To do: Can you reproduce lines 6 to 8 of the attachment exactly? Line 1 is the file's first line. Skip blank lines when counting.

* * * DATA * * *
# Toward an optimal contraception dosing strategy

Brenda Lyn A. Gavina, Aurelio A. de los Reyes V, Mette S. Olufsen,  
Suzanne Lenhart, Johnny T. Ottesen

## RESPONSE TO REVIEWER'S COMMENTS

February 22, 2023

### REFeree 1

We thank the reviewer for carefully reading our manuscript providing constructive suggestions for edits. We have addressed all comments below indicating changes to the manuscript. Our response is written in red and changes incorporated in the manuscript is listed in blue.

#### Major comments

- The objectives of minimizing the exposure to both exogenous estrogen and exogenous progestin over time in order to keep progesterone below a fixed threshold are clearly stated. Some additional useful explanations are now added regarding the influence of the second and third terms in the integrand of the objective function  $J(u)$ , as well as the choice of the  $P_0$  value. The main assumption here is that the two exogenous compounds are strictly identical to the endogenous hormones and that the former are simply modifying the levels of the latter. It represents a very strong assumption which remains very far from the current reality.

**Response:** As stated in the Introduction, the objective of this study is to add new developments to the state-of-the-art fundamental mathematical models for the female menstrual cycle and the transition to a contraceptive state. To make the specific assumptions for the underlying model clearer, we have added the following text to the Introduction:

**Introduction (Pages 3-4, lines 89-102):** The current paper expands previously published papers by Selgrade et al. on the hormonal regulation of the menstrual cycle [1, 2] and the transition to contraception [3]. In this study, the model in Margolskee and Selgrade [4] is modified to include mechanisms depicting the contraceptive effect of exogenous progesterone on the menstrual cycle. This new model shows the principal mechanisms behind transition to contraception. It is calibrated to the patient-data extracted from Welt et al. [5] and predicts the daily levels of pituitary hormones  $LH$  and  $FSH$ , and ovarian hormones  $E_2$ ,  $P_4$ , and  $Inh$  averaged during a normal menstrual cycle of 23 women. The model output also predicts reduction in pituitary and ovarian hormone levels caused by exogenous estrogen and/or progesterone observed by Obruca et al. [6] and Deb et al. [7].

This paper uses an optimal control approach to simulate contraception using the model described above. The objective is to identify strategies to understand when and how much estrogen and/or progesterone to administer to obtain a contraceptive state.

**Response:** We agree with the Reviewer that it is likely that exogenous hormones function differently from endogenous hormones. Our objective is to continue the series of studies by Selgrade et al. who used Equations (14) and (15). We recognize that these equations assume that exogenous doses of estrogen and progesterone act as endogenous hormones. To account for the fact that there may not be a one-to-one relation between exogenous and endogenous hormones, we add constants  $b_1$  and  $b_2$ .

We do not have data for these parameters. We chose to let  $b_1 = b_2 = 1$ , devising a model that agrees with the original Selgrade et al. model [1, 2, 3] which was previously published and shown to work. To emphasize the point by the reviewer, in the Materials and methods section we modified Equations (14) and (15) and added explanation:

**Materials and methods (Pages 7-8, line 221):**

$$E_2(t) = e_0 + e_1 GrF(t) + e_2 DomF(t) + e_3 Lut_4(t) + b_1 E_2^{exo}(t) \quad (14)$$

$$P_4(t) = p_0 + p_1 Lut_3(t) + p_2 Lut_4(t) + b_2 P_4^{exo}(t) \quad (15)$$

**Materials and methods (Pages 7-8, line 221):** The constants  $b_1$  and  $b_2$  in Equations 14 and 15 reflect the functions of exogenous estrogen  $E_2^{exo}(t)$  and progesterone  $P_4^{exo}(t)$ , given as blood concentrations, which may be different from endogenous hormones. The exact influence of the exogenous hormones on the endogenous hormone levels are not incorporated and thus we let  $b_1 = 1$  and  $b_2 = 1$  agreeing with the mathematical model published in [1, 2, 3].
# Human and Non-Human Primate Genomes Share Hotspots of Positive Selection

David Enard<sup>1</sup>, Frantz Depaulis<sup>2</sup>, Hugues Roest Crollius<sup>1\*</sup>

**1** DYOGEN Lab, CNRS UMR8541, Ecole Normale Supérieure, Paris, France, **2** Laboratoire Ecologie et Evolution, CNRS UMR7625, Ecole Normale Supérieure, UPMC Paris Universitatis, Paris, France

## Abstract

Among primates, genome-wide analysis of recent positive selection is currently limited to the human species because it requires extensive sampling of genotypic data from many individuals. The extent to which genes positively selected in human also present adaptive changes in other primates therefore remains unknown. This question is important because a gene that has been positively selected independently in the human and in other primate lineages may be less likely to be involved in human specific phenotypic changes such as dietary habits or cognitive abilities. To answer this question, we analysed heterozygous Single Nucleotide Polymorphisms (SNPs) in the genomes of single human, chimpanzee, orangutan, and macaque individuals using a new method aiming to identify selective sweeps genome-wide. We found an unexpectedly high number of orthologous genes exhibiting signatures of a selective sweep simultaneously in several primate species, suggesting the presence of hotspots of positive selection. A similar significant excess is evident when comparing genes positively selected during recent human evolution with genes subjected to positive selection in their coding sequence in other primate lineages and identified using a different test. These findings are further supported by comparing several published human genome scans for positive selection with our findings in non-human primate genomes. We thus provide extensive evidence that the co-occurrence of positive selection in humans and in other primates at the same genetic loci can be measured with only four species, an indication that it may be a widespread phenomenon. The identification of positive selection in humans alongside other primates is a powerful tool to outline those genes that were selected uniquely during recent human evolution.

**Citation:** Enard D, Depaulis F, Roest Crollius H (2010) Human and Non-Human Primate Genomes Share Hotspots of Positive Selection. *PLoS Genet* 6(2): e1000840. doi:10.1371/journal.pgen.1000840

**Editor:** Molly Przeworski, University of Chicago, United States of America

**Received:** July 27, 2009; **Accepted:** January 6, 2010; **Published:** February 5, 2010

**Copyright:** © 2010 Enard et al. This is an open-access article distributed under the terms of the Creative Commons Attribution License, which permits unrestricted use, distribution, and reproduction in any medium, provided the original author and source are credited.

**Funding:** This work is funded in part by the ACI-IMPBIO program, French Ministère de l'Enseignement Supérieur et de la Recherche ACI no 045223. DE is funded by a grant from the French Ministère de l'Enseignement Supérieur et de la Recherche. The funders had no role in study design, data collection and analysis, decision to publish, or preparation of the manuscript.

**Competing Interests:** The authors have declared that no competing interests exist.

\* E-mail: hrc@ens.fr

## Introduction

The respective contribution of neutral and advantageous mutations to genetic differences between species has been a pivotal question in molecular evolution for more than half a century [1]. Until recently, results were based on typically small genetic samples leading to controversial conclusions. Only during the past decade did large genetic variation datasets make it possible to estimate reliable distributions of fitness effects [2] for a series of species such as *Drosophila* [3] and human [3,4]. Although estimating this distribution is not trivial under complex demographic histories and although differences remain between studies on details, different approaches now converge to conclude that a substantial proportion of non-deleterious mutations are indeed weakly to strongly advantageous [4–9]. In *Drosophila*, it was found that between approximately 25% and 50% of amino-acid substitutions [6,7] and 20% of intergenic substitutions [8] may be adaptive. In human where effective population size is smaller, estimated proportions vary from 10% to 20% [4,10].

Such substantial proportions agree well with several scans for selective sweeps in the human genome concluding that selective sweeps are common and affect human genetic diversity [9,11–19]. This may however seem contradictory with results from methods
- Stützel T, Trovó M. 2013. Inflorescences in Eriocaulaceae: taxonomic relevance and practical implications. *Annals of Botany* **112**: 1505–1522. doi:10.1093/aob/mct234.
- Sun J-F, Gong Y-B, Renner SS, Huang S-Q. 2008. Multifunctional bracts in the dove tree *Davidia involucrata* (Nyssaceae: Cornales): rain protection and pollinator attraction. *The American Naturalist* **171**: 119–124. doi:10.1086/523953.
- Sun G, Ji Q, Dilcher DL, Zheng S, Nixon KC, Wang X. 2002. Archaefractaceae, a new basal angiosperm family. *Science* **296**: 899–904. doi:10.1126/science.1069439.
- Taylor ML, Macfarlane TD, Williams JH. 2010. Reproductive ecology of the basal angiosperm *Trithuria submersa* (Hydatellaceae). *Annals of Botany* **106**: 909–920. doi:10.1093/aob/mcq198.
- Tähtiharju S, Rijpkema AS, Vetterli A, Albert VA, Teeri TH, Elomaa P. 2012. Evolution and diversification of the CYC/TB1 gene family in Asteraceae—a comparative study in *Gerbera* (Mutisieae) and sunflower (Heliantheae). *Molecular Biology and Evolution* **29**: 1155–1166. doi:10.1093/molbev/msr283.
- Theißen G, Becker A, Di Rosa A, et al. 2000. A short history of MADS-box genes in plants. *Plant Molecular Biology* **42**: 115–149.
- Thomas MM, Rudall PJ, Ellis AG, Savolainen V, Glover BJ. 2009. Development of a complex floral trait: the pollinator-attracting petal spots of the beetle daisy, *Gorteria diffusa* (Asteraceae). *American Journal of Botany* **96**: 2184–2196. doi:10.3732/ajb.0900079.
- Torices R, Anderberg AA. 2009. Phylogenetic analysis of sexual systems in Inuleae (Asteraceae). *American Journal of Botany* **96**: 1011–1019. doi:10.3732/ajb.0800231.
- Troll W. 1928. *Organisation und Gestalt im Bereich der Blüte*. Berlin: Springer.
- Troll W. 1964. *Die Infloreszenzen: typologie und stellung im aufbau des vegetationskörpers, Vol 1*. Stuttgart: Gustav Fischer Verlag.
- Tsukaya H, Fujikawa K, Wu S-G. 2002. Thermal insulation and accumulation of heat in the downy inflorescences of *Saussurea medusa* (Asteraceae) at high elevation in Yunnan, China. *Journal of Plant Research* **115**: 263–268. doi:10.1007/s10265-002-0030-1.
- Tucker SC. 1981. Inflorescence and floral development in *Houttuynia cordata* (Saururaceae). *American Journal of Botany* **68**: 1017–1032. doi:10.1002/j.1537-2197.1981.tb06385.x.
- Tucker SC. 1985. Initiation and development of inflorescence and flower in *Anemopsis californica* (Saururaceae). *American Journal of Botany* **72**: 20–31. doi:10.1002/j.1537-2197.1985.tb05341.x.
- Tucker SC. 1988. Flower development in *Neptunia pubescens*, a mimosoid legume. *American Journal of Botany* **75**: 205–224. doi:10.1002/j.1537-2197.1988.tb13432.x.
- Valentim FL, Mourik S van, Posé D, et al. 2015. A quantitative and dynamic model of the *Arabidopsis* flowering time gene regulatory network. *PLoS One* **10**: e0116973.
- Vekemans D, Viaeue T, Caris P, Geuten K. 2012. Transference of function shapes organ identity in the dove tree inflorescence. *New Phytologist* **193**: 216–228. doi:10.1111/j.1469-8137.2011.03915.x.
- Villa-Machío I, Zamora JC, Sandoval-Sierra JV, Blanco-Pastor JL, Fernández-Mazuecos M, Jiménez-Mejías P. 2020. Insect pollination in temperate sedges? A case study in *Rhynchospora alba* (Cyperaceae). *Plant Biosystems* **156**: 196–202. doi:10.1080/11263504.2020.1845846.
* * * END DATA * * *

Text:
### REFeree 1

We thank the reviewer for carefully reading our manuscript providing constructive suggestions for edits. We have addressed all comments below indicating changes to the manuscript. Our response is written in red and changes incorporated in the manuscript is listed in blue.

#### Major comments